Washable wool

The few times that I have used washable wool, I have found the garment would sag. Can any of you recommend a good one.


Bill's picture

many of the superwash wool benefit by drying in a dryer. cascade 220 superwash will slightly shrink back to the original size.

ronhuber's picture

Thanks, Bill. I will try it out - have been wanting to knit something for a great nephew that his mom can throw in a washer.

CLABBERS's picture

I have used a few different superwash marino/nylon blends and found that they wash and dry well in machines. They keep their shape pretty well. I get mine from KnitPicks.

raydio's picture

I have found that I get sagging and a "floppy" constitution to the item, when I have knit a looser gauge. If I knit a tighter gauge, it holds its shape. I am not big on blocking-- I only lay flat and smooth and pat into shape-- the shape it already has. I know that because of the nullification of the barbed surface of the wool fibers, they can no longer cling and support each other, and cannot hold the blocked out shaped very well, if at all, depending on the specific wool's processing.

It works when it does and it doesn't when it doesn't. I love pure, natural wool, and I don't yet have enough of them to look to the convenience of machine washing. I still have the time to hand wash my woolies and with some of them-- like my Shetland Fair Isles, I just couldn't ever put them in a machine. The great thing about wool is that it is virtually self-cleaning of everyday schmutz, and I don't wear them much due to living in a warmish climate, that (gasp) I may not wash them for years at a time, if that.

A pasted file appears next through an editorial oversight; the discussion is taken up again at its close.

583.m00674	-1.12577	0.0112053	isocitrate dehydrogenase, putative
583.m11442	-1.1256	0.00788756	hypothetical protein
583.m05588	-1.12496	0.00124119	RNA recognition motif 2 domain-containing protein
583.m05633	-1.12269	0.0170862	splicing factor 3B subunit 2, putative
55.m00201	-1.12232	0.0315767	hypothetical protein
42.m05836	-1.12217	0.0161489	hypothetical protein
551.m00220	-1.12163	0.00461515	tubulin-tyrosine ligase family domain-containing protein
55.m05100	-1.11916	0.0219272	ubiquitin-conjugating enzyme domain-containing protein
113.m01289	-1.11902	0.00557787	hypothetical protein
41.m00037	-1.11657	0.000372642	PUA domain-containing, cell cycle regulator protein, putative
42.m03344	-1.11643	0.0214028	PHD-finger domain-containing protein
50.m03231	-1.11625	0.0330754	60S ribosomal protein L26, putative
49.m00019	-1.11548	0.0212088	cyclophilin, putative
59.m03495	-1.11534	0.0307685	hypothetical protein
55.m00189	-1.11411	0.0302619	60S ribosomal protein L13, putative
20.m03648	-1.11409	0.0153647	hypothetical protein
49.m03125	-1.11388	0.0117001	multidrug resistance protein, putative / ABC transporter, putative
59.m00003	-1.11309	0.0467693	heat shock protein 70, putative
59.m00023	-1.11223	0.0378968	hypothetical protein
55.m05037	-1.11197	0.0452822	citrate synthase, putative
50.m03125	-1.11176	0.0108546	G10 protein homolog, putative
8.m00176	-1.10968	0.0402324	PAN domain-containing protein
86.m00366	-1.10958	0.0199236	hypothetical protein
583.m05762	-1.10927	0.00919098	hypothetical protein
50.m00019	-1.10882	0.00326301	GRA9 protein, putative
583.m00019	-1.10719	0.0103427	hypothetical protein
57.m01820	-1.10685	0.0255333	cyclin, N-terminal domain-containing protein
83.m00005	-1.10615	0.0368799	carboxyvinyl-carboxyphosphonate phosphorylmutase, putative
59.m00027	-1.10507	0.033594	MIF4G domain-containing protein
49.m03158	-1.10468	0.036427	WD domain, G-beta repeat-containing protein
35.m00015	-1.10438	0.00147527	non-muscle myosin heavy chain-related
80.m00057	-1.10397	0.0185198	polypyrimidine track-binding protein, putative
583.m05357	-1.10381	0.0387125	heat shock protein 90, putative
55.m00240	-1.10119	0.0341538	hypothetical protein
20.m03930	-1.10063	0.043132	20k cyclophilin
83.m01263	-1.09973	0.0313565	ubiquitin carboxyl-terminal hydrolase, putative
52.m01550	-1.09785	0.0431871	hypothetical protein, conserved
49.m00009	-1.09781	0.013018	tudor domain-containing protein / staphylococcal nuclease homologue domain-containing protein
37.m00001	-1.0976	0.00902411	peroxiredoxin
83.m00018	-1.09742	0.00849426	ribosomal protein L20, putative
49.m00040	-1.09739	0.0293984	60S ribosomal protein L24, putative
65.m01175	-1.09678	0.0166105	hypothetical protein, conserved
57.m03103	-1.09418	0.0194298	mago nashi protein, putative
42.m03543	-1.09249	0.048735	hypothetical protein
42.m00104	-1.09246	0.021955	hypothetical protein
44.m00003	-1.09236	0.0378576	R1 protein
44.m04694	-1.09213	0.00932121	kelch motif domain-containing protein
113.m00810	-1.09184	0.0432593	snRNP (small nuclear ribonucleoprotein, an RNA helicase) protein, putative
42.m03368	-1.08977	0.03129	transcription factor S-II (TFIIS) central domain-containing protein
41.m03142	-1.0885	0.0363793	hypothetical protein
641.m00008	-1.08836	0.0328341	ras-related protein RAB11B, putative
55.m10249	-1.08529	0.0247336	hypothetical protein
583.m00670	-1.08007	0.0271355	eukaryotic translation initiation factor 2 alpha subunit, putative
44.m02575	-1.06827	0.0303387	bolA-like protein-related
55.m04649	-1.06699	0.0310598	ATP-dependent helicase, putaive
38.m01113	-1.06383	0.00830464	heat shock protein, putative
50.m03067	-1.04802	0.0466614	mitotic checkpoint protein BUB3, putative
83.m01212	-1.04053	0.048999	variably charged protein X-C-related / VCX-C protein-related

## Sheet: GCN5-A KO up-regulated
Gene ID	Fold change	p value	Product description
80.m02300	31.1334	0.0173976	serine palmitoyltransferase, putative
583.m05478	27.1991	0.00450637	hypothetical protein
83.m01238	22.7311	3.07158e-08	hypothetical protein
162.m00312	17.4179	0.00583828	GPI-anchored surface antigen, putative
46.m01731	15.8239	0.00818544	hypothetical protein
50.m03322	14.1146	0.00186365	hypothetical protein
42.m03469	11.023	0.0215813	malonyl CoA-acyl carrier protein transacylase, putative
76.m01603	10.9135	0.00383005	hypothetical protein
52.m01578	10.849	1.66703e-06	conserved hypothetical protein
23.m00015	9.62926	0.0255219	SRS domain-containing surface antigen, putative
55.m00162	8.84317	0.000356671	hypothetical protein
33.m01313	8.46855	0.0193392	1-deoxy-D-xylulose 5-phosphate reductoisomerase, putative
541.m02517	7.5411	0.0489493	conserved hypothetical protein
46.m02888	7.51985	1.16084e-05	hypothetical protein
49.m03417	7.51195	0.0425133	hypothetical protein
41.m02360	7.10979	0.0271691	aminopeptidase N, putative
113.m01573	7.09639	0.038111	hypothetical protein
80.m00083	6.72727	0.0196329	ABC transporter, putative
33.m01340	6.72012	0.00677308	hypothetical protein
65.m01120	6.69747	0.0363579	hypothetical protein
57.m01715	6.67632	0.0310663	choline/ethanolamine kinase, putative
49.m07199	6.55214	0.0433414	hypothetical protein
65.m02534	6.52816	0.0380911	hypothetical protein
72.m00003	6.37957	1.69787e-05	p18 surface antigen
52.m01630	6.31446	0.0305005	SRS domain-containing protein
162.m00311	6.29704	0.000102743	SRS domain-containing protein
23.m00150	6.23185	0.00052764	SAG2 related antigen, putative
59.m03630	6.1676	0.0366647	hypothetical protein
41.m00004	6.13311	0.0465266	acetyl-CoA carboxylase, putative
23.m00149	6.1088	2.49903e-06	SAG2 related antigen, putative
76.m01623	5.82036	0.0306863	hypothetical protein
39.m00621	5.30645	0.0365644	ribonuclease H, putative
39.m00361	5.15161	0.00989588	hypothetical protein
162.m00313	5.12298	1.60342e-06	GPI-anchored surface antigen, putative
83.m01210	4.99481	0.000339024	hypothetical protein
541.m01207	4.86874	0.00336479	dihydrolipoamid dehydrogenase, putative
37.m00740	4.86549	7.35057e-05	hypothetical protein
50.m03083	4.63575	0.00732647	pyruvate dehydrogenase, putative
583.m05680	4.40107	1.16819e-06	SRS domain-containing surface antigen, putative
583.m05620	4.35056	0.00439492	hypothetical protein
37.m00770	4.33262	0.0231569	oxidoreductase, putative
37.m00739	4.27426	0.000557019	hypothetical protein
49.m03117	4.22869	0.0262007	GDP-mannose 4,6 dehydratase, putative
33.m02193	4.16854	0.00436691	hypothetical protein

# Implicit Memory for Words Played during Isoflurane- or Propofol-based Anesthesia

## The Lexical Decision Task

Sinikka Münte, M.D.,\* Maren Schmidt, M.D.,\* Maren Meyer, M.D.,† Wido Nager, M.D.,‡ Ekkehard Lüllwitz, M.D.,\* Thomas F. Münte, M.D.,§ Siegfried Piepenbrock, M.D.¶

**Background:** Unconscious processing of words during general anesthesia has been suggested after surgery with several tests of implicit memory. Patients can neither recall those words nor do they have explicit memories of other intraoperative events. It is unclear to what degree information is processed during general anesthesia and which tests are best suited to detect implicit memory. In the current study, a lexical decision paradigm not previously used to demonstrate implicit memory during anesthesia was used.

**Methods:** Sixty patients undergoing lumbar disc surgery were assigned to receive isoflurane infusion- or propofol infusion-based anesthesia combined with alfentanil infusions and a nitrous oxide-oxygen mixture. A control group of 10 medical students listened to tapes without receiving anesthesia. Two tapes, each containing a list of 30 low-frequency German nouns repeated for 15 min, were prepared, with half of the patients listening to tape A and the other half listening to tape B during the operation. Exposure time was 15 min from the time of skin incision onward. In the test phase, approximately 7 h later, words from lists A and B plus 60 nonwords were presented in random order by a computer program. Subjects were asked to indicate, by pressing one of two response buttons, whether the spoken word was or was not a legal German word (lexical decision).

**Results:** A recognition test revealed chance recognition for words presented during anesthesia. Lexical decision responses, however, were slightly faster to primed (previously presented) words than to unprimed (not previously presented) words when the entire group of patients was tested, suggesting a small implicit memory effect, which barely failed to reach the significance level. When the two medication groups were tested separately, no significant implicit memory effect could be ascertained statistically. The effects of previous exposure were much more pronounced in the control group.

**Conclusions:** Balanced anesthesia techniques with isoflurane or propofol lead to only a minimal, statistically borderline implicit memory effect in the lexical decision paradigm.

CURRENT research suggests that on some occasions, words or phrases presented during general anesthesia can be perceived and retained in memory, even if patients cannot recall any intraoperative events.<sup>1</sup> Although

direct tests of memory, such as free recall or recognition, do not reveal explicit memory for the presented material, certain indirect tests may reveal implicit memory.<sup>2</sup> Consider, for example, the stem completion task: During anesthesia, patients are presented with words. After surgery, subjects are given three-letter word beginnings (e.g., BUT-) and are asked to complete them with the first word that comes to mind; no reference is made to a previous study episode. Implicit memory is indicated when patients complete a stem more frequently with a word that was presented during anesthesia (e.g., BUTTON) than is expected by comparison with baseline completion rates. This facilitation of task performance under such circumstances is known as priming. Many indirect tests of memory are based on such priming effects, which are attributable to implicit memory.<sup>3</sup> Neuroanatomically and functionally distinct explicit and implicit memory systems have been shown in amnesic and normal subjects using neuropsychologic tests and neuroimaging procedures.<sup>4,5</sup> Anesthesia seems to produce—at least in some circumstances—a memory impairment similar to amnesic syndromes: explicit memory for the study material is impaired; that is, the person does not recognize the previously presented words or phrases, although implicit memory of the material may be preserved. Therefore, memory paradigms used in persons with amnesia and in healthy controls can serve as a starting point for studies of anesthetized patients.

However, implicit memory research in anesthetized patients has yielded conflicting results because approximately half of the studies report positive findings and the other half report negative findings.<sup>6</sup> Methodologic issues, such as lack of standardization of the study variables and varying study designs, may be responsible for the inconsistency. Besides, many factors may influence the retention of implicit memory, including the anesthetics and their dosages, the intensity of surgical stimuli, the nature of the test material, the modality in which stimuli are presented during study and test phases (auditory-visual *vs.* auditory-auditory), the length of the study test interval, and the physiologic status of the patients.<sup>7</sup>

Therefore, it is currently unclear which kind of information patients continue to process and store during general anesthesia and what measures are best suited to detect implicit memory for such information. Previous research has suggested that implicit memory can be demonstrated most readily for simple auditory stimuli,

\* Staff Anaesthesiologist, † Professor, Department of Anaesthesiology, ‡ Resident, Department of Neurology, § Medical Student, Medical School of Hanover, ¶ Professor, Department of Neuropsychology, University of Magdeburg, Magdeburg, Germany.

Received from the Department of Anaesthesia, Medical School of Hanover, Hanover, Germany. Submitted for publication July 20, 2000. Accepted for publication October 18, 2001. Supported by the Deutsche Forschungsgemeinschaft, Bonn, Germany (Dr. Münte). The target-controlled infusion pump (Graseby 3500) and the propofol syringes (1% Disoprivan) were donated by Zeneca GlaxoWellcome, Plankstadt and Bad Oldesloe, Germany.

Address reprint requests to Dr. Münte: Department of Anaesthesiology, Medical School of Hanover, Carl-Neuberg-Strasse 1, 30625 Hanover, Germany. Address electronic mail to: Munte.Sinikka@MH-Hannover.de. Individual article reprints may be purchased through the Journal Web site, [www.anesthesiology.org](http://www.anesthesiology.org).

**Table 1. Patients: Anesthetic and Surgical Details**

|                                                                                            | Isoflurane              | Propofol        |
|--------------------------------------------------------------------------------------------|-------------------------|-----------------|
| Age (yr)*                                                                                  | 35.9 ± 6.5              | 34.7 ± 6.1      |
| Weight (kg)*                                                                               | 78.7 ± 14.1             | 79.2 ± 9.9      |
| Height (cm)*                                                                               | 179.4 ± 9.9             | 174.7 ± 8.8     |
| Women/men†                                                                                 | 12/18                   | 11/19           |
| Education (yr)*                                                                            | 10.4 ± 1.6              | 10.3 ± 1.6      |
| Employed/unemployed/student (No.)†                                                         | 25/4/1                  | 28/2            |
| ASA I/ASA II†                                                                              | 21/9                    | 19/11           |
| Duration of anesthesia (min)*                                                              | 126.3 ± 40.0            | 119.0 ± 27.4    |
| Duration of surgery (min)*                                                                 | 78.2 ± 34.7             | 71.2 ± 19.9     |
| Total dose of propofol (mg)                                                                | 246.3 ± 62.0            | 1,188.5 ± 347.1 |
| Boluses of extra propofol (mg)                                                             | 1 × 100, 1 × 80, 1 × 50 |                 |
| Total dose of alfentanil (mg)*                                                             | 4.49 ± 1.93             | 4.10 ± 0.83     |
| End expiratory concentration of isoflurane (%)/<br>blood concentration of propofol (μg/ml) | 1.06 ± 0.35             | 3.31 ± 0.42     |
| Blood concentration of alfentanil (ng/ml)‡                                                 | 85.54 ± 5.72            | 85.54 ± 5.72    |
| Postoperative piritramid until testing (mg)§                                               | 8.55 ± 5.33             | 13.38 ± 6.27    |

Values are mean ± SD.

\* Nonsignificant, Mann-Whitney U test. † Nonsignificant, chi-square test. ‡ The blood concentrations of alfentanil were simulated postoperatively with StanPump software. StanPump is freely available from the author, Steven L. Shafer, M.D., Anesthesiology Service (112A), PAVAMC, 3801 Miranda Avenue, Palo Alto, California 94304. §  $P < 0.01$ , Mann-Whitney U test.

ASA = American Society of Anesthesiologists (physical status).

I have never looked at blocking as a "part of the washing/finishing process". As I said, I just lay it out and shape. Blocking to correct an issue or to make the garment have a certain "pressed" look works better on pure wool and never on cotton.
Anyway, I think you will find out which washables work in whichever ways as you knit them. I read reviews about various ones, but take it all with a grain of my experience's salt. I like my wool as unprocessed as I can get it, but that's just me.

Tallguy's picture

You seem to have misunderstood the meaning of the word "block" as applied to knitting. Perhaps it is better if you used the term "wet processing" where water is used to process the finished garment. Whether it is steam, misting, or a dunk into warm soapy water, the process is the same. And laying it out flat, or over a curved shape, is the final step. That is blocking. It involves moisture, and allowing to dry. Whether you want to force a change of shape by stretching and pulling or just let it do its own thing, it is still blocking. EVERY piece of knitting must go through that process in order for it to be called "finished". Of course, if you aren't using an animal fibre, then it really doesn't matter much.